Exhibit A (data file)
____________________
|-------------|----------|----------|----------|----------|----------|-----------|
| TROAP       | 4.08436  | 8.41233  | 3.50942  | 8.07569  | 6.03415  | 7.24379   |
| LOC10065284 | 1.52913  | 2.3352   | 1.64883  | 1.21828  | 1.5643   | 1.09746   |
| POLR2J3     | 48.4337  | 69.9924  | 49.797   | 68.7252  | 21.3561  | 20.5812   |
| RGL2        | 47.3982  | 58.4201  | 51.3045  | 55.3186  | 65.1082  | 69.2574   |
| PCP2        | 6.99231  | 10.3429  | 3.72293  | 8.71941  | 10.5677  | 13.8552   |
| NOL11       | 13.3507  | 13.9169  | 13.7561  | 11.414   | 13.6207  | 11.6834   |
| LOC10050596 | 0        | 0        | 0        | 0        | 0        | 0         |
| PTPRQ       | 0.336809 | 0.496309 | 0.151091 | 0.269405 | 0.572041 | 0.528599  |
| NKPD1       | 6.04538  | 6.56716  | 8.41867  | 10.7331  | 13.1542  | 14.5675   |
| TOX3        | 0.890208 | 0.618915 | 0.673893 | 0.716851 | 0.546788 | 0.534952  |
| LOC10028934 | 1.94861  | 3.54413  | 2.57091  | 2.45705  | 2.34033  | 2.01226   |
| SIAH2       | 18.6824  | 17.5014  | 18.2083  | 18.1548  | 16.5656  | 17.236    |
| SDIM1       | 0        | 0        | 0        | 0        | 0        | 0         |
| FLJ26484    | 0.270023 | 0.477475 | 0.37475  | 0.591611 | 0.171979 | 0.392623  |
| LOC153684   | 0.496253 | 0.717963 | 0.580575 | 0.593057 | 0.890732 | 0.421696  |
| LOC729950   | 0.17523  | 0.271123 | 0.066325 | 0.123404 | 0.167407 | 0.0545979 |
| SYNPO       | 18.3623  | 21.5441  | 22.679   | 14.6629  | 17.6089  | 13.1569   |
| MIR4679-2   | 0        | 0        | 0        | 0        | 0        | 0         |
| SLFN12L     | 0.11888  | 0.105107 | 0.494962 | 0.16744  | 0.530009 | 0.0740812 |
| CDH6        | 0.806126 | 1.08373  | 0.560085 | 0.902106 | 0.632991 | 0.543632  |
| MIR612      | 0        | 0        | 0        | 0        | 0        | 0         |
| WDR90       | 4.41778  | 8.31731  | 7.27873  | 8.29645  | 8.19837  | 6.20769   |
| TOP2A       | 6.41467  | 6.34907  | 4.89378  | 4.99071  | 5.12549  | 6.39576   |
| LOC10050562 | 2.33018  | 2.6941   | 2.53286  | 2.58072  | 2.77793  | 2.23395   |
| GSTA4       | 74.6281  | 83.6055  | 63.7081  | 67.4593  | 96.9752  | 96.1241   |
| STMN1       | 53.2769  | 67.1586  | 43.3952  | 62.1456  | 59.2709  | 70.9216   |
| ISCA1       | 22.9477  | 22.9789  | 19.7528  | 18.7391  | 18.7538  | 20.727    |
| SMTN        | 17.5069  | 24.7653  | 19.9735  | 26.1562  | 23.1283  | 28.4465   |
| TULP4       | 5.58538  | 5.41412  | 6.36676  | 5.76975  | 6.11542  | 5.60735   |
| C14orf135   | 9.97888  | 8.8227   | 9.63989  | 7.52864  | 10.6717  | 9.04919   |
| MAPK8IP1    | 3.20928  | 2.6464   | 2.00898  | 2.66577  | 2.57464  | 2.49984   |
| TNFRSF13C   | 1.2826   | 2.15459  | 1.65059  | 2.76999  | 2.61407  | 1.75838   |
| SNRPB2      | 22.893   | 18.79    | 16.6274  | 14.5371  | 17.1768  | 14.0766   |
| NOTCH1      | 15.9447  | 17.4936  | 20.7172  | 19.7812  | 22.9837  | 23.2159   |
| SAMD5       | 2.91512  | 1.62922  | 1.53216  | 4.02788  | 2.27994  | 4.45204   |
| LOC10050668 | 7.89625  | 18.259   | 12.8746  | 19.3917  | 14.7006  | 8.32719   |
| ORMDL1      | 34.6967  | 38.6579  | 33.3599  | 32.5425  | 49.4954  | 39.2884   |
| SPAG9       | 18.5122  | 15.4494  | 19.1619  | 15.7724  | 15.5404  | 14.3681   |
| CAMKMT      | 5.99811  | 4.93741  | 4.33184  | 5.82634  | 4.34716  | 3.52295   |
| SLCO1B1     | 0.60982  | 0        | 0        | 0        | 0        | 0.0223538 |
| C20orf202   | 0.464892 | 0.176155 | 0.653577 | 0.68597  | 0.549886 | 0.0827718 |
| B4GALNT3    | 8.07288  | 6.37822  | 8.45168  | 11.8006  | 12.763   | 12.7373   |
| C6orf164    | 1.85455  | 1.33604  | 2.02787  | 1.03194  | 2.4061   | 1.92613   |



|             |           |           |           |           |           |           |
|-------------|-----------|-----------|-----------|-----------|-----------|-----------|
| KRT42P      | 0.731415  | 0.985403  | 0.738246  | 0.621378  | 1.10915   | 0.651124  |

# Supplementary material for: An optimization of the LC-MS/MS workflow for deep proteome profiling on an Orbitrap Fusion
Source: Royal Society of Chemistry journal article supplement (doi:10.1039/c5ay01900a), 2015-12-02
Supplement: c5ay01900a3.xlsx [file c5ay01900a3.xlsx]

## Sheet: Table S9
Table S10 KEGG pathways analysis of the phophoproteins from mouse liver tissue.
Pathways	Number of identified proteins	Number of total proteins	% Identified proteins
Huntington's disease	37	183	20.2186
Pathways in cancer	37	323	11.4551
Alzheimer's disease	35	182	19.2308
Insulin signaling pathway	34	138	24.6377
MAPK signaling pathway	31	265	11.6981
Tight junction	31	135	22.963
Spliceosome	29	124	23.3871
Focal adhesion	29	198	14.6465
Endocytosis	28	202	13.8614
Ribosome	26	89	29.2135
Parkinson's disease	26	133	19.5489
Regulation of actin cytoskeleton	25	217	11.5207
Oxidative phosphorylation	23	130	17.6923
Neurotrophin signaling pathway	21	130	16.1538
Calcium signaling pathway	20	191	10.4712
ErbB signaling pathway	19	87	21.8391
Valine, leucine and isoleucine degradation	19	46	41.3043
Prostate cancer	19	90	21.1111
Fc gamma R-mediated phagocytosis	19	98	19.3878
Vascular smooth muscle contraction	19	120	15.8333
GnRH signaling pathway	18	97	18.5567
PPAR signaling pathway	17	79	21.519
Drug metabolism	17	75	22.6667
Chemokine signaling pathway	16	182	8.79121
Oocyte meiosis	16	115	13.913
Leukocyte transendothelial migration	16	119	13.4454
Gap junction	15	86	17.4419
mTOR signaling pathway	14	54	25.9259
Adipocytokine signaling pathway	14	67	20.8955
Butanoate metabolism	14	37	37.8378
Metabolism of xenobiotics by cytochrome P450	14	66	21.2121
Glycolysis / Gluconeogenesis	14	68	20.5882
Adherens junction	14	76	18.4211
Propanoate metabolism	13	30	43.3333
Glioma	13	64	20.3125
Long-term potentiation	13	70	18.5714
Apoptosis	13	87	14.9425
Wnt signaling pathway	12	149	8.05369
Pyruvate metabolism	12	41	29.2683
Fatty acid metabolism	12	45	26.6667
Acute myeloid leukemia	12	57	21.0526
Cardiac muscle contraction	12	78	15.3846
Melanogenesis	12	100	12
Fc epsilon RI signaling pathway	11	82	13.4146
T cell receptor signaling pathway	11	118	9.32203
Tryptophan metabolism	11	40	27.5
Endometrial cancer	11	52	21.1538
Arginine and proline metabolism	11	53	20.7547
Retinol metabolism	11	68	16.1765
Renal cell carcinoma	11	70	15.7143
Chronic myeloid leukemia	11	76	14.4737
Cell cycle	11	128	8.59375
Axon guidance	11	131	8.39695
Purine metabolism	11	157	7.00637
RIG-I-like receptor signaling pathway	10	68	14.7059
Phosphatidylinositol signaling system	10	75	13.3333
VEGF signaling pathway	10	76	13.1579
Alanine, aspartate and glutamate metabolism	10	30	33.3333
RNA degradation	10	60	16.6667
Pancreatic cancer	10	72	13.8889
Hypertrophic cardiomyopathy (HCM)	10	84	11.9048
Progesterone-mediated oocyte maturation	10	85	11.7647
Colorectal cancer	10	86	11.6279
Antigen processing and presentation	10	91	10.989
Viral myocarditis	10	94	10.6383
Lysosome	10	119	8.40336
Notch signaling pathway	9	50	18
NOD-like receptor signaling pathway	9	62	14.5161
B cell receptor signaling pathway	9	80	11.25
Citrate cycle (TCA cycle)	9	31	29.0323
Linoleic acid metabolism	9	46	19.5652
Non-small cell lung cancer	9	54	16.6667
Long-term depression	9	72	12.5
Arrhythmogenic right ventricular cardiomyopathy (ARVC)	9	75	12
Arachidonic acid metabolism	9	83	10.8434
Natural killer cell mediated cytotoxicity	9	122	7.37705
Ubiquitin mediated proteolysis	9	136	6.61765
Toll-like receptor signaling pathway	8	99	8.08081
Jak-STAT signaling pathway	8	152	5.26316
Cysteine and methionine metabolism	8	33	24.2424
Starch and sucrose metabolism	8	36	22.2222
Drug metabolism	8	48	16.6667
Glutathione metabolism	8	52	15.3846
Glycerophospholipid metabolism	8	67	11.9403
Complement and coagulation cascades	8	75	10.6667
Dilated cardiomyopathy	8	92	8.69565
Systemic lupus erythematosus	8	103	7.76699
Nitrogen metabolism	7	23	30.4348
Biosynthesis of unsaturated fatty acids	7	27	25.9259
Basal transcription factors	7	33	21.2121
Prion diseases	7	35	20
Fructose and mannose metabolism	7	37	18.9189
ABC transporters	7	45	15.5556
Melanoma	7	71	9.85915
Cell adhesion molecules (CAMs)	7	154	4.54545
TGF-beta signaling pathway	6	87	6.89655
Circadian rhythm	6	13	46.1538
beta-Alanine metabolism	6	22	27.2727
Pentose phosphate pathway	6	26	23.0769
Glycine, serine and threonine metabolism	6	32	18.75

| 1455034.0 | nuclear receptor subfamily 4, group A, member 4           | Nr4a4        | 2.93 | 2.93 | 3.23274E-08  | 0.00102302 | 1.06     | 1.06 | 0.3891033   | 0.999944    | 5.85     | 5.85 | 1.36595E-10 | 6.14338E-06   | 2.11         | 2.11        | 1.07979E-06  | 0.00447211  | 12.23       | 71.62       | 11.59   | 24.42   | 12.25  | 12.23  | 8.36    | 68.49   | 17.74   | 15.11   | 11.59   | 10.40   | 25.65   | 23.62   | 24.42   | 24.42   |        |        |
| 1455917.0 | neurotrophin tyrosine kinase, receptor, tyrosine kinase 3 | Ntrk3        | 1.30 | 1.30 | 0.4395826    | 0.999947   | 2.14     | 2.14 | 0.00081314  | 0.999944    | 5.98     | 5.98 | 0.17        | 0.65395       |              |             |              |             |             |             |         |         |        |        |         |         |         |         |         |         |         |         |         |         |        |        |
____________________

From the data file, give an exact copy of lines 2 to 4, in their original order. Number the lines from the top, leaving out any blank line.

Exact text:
| TROAP       | 4.08436  | 8.41233  | 3.50942  | 8.07569  | 6.03415  | 7.24379   |
| LOC10065284 | 1.52913  | 2.3352   | 1.64883  | 1.21828  | 1.5643   | 1.09746   |
| POLR2J3     | 48.4337  | 69.9924  | 49.797   | 68.7252  | 21.3561  | 20.5812   |